During the first widespread bleaching event in 1987, temperatures at Alligator Reef, an offshore reef site SW of H&C, were 30 °C or slightly greater for about a month25. These temperatures were measured at MLRF in 18 of 27 years from 1988–2014. The value that co-occurred with the 1990 mass bleaching (max. running 30-day mean = 30.2 °C)14 occurred in 14 of the 27 years and 8 of the past 11 years (Fig. 3). These observations suggest that the bleaching thresholds for MLRF could be conservative and that stressful conditions may manifest as low as monthly temperatures of 30 °C. Heat stress may be more chronic than what is currently appreciated and there could be a shifting baseline whereby summertime bleaching has become the norm26. It’s likely no coincidence that 2013 was the first year since 1996 that was considerably cooler than the climatology during summer (Fig. 3, max temperature = 29.5 °C) and is the only year in recent record when reports of bleaching were low16. The highest growth and calcification rates in Orbicella faveolata from 2004–2013 and Porites astreoides from 2001–2013 occurred during this cool period17,27.
Bleaching thresholds may increase as field and experimental evidence have shown that repeated warm water stress or routine exposure to high and variable temperatures can lead to elevated thermal tolerance due to adaptation and acclimatization28,29,30,31. As summarized in Chollett et al.32, the rate of seasonal warming is also important such that a rapid rate of temperature increase leads to a decreased potential for the holobiont to cope with thermal stress, aggravating the bleaching response and post-stress fate of the reef. The rate of seasonal warming at MLRF was high during all bleaching years (Fig. S1), which may have deterred any uptick in the bleaching threshold to-date. The potential for adaptation and acclimatization will likely not be able to compensate for unabated warming31. Furthermore, thermal stress does not just elicit coral bleaching and mortality, but also results in increases in coral disease, while causing declines in reproductive output, linear extension, and coral calcification17,27,33,34.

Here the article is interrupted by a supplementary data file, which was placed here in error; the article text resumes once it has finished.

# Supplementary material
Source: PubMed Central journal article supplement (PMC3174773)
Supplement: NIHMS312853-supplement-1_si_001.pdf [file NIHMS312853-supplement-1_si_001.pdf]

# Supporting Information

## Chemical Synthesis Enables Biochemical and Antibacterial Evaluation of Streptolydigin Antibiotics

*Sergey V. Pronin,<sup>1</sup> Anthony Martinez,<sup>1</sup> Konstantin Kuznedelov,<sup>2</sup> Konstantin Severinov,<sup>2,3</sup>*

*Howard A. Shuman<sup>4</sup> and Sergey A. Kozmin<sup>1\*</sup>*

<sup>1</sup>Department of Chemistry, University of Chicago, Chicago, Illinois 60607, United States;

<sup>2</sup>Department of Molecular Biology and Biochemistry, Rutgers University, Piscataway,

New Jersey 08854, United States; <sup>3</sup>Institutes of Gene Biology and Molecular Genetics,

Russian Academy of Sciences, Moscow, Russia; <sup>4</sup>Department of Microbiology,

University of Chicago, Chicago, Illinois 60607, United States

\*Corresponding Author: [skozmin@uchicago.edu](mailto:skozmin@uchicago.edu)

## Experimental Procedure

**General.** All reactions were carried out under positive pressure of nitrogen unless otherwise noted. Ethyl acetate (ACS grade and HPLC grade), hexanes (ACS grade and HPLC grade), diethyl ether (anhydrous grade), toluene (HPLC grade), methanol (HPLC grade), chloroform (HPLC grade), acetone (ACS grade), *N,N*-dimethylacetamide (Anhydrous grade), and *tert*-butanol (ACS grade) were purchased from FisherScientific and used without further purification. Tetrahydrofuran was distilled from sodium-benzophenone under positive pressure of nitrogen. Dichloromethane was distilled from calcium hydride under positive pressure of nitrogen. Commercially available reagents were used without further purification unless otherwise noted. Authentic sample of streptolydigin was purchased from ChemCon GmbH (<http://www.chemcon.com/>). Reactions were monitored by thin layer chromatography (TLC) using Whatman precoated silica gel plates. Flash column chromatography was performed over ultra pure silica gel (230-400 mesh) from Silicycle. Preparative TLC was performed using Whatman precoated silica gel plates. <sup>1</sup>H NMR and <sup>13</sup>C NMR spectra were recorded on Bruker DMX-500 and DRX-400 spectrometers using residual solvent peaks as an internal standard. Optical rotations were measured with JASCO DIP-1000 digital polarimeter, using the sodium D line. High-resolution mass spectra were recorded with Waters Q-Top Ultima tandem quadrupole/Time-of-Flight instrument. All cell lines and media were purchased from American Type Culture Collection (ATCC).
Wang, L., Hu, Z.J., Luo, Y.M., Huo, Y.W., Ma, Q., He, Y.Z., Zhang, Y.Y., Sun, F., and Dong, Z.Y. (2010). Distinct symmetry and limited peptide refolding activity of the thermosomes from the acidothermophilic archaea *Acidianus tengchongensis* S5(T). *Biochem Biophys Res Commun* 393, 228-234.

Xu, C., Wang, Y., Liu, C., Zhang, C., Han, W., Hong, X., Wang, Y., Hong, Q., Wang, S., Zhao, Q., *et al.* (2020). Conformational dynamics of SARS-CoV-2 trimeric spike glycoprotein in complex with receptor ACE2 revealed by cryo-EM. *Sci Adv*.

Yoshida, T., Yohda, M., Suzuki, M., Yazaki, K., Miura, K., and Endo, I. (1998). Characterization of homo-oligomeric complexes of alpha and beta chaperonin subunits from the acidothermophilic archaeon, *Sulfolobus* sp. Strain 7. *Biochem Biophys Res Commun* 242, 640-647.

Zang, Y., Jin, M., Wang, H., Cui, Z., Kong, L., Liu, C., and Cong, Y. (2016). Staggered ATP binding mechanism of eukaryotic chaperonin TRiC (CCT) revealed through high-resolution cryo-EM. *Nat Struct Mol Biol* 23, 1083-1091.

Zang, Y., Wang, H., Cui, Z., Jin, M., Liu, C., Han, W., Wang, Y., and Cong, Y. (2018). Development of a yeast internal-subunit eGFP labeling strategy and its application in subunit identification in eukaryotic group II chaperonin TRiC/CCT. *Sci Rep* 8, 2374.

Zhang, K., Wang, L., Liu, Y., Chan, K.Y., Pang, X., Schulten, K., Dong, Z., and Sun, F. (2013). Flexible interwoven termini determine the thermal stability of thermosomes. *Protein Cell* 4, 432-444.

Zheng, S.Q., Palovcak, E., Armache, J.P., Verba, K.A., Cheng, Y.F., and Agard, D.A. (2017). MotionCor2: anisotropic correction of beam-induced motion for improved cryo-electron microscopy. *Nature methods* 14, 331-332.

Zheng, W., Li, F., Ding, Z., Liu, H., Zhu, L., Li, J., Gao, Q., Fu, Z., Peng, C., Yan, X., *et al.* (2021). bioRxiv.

The interaction of heat stress and irradiance ultimately drives the bleaching response35, but all large-scale coral bleaching episodes over the past 30 years have been associated with warmer than average temperatures11. Local-scale variability during bleaching can be due to differential irradiance, as well as differential susceptibilities of coral taxa to heat stress36,37. In the Caribbean, however, the most important reef-building taxa, namely the acroporids and Orbicella annularis spp. complex, have experienced the greatest declines owing mainly to bleaching and disease8,38. The weedy taxa, such as Porites astreoides, which have increased in relative abundance with the losses of the aforementioned species, have little potential to construct or maintain architecturally complex framework structures that are vital to ecosystem function39. The flattening of reefs, or loss in architectural complexity, has already occurred across many Caribbean reefs and many reefs are presently in a state of accretionary stasis, or net erosional, including those in the Florida Keys6,40,41. Thus, the differential susceptibilities to warm-water bleaching and persistence of certain taxa has had little impact in slowing the large scale degradation of Caribbean coral reefs.